The Art of Fugue
A work with as many parts as AOF offers the composer numerous avenues to introduce structure and form on both small and large scales. Here I will discuss a few of these.
Divisions of Four
Immediately obvious is what we might call the “4-symmetry” of AOF. Generally, each “section” (indicated by the black headers in the program in the table of contents) contains four fugues, with all the fugues in each section being of related types (simple, stretto, and so forth). There are four such sections with collections of fugues; and AOF is capped off by a a quadruple fugue that has four sections. The work includes four canons. With only two exceptions, the fugues are in four voices.
Given this embedded 4-symmetry, it seems most natural to me to place the canons between each of the major sections, providing a change of texture at logical places for those listening to the work from start to finish, and emphasizing the “4-ness” of AOF.
The Bach Number
AOF contains 14 Contrapuncti, and 14 was a number of great significance to Bach. The letters of his name add up to 14 (B+A+C+H = 2+1+3+8 = 14), and he codes the number 14 into many of his works. As a particularly relevant case in point, the Fourteen Canons on the Goldberg Ground (BWV 1087) were, like AOF, written in the last decade of Bach’s life, a time when he was devoting himself increasingly to large, cyclic works demonstrating his transcendental mastery of his craft. The canons of BWV 1087 are intimately linked to the Goldberg Variations, which are as deeply imbued with “3-ness” as AOF is with 4. But it seems there are some structural links between AOF and BWV 1087 as well, one example being the methodical development of the simplest forms of the thematic germ in the first four Contrapuncti of AOF (two rectus and two inversus) that parallels the idea, if executed on a much smaller scale, in the first four canons of BWV 1087.
For this reason, I view the 4-symmetry of AOF as its medium scale structure. Arching above this is the large scale structure of the Bach Number, which links the various parts of AOF in ways beyond the simple divisions of 4. In the narratives accompanying each part, we will see clear motivic links, for example, in Contrapuncti III and XI, in V, X, and XIV, and so forth. No doubt I have missed many more such links than I have noticed; small wonder scholars have found AOF worthy of a lifetime of study!
Incidentally, Bach’s predilection for 14s provides a natural explanation for why he “shorted” the stretto fugues by one; by so doing, he contrived to have the final Contrapunctus be XIV rather than XV. This explanation requires two comments. First, I’m counting the mirror fugues of Contrapuncti XII and XIII as one piece; despite the fact that you’ll hear two fugues with each one; the rectus and inversus performances are precisely isomorphic and thus quite reasonably count as only one piece of music. Second, the explanation for the missing stretto fugue is Tim Smith’s, not mine, and I thank him for the idea.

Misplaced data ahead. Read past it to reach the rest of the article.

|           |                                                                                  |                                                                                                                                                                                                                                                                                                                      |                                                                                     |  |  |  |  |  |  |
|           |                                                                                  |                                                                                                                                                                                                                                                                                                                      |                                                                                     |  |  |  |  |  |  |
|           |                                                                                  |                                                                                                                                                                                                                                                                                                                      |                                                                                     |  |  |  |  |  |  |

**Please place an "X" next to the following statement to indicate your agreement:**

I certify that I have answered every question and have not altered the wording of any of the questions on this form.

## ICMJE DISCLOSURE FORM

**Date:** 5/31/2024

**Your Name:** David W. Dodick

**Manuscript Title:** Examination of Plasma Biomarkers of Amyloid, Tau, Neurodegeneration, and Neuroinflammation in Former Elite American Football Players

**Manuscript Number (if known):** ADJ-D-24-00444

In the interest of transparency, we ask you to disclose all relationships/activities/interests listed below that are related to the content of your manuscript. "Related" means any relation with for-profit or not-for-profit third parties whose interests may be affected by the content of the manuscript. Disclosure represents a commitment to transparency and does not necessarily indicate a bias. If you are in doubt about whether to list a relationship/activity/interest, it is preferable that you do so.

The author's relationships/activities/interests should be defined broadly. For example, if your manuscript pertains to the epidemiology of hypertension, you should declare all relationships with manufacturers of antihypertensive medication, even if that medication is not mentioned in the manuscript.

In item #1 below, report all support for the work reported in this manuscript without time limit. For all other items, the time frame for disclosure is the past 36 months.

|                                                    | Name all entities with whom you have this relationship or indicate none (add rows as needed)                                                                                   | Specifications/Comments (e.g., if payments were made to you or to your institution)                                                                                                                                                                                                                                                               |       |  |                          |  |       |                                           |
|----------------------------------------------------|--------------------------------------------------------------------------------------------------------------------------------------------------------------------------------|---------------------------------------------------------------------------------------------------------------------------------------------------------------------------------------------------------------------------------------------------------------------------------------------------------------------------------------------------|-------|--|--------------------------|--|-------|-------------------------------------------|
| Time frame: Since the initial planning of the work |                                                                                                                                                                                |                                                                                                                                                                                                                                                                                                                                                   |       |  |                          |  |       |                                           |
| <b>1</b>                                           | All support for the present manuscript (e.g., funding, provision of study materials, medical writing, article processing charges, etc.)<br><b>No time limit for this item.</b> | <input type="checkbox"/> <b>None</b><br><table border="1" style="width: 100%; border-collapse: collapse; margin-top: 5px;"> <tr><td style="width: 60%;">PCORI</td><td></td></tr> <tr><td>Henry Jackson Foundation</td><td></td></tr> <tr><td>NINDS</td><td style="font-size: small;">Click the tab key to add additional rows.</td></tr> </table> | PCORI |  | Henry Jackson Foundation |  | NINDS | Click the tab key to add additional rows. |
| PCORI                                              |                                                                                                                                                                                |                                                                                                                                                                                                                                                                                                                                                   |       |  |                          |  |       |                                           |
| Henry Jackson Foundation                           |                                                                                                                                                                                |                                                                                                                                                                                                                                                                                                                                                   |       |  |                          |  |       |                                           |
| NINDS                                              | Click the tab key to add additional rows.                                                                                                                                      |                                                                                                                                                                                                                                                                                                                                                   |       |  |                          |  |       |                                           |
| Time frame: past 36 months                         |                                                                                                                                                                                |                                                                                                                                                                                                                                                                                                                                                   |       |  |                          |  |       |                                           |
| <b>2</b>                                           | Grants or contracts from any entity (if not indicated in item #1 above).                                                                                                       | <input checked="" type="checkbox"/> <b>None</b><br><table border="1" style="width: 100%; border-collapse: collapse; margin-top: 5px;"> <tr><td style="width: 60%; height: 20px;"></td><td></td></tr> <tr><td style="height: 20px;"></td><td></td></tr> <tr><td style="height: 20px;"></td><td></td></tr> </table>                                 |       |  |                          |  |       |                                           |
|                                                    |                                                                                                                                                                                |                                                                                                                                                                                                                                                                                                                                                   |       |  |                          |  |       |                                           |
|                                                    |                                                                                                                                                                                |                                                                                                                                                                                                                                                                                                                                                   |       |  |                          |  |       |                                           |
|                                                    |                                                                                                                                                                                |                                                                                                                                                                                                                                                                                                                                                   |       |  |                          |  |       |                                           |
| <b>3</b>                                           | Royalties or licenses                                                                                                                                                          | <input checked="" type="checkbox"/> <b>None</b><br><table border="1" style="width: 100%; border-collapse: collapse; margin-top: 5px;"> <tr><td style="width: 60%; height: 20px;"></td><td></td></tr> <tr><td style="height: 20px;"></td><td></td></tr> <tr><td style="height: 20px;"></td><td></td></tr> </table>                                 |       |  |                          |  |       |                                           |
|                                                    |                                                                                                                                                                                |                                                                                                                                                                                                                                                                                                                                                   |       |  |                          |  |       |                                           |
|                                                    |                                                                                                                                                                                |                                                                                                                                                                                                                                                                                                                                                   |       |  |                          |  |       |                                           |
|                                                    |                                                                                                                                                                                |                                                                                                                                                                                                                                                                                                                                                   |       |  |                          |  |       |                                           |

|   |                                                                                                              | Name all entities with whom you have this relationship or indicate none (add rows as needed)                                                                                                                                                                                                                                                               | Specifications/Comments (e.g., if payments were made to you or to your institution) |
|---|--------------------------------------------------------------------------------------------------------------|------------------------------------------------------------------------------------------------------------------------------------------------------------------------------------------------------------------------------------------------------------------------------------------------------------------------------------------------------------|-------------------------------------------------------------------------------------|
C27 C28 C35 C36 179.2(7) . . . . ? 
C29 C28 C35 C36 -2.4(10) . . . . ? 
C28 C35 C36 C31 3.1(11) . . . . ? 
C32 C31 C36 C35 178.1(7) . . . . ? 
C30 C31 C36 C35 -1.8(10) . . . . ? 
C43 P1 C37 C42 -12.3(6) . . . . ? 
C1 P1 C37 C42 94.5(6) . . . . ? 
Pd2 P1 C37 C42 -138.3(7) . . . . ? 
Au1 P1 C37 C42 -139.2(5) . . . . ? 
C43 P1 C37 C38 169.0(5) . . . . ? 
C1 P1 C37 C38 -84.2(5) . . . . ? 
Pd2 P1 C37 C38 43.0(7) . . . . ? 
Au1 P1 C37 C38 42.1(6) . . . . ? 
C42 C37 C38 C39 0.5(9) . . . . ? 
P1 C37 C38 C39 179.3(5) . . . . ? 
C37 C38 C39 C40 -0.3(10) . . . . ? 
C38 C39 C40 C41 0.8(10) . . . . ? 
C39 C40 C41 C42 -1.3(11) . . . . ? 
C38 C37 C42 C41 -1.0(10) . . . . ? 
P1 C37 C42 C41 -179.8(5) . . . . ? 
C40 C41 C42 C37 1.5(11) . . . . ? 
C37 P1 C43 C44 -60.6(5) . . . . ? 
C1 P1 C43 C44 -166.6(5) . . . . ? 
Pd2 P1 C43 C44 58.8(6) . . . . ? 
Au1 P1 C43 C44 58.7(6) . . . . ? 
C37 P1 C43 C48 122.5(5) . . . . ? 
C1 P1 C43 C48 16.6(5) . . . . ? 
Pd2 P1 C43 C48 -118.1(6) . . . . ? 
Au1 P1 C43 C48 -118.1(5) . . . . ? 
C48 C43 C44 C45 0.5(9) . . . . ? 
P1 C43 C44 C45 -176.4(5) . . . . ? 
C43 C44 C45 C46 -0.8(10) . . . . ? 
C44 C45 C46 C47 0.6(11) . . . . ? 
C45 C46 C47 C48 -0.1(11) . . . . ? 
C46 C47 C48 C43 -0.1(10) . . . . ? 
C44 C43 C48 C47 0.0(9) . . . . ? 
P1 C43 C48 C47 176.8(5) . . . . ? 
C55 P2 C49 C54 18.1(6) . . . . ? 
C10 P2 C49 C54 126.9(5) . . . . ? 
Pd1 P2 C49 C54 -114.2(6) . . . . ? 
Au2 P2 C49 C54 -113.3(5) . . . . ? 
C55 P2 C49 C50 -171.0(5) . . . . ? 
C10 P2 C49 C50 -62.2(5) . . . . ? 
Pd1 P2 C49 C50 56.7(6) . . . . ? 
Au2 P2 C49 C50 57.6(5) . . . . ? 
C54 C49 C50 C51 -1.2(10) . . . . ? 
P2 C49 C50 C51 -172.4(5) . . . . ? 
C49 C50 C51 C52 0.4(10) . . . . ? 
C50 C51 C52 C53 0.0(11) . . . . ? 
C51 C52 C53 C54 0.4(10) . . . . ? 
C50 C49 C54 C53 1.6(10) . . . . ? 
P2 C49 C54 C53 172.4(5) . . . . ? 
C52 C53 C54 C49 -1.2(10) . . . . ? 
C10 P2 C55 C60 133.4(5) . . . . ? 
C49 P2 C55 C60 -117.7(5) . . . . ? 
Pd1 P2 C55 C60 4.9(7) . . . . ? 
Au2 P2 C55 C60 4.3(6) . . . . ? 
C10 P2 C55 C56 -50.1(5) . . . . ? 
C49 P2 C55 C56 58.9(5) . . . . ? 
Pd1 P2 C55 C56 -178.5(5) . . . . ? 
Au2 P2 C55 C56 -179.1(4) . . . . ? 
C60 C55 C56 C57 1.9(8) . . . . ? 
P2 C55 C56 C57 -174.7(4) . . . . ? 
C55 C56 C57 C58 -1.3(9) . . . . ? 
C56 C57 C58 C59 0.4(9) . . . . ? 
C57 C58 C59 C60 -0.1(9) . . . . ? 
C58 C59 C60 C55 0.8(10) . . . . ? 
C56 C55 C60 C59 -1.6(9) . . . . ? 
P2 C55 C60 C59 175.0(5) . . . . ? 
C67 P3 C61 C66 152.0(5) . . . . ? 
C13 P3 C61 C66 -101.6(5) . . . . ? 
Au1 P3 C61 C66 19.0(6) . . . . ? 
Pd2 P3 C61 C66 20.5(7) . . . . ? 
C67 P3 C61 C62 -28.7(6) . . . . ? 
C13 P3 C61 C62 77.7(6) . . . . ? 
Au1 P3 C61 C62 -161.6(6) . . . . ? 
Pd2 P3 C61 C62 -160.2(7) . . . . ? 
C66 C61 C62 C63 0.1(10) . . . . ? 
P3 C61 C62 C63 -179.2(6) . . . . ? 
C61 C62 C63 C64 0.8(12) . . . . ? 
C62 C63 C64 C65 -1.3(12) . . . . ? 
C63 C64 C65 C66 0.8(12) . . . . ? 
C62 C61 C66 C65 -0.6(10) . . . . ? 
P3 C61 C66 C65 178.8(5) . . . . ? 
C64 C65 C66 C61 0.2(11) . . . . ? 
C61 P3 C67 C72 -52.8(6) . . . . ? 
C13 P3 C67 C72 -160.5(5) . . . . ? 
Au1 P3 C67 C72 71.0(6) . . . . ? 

“Missing” Pieces in This Realization
The principal parts of AOF that you may find in other performances, but not here, are the keyboard reductions of Contrapunctus XIII and the concluding chorale. In the case of the former, as marvelous as the music is, it has always seemed a bit redundant, and even detracting from the impact of the music, to play the same work twice. In the case of the chorale, BWV 668a, it simply has no relationship to the rest of AOF. It is “traditional” for it to be be performed after the end of Contrapunctus XIV, but in a performance that includes a completion of the final fugue, I find 668a to be a dreadful anticlimax — lovely as it is when taken on its own merits. It is therefore not included here.
Gematrics in AOF
As with BWV 1087, we should be careful regarding Bach numerology. I believe there is some “4-ness” embedded in AOF’s large scale structure, and the numbers 3, 4, 11, and 14 figure prominently in the narratives on this site. However, it is all too easy to find accidental symbolism. For example, I noted above in the discussion of 4-symmetry that all but two of the fugues have four voices (and Contrapuncti VIII and XIII have three…there’s that 3 again!). Skeptics will correctly note that most fugues have four voices; and if not four, three is the next choice. One voice would be a bit boring, two…well, see the canons. Five and six voice fugues exist, but are monstrously difficult to bring off and are correspondingly less common. So while Bach must have been aware that most of the AOF fugues had the same number of voices as the fourfold nature of its structure (not to mention the same as the number of letters in his name), he likely saw that as an amusing necessity rather than a symbolic gesture.
The same caution applies to any ramblings about numeric symbolism, and you should take all such commentary in my narratives with a grain of salt. Undoubtedly some of it is symbolic, but much of it must be driven purely by Bach’s desire to write sensible and effective music, and by the constraints on the structure of musical phrases that this desire imparts.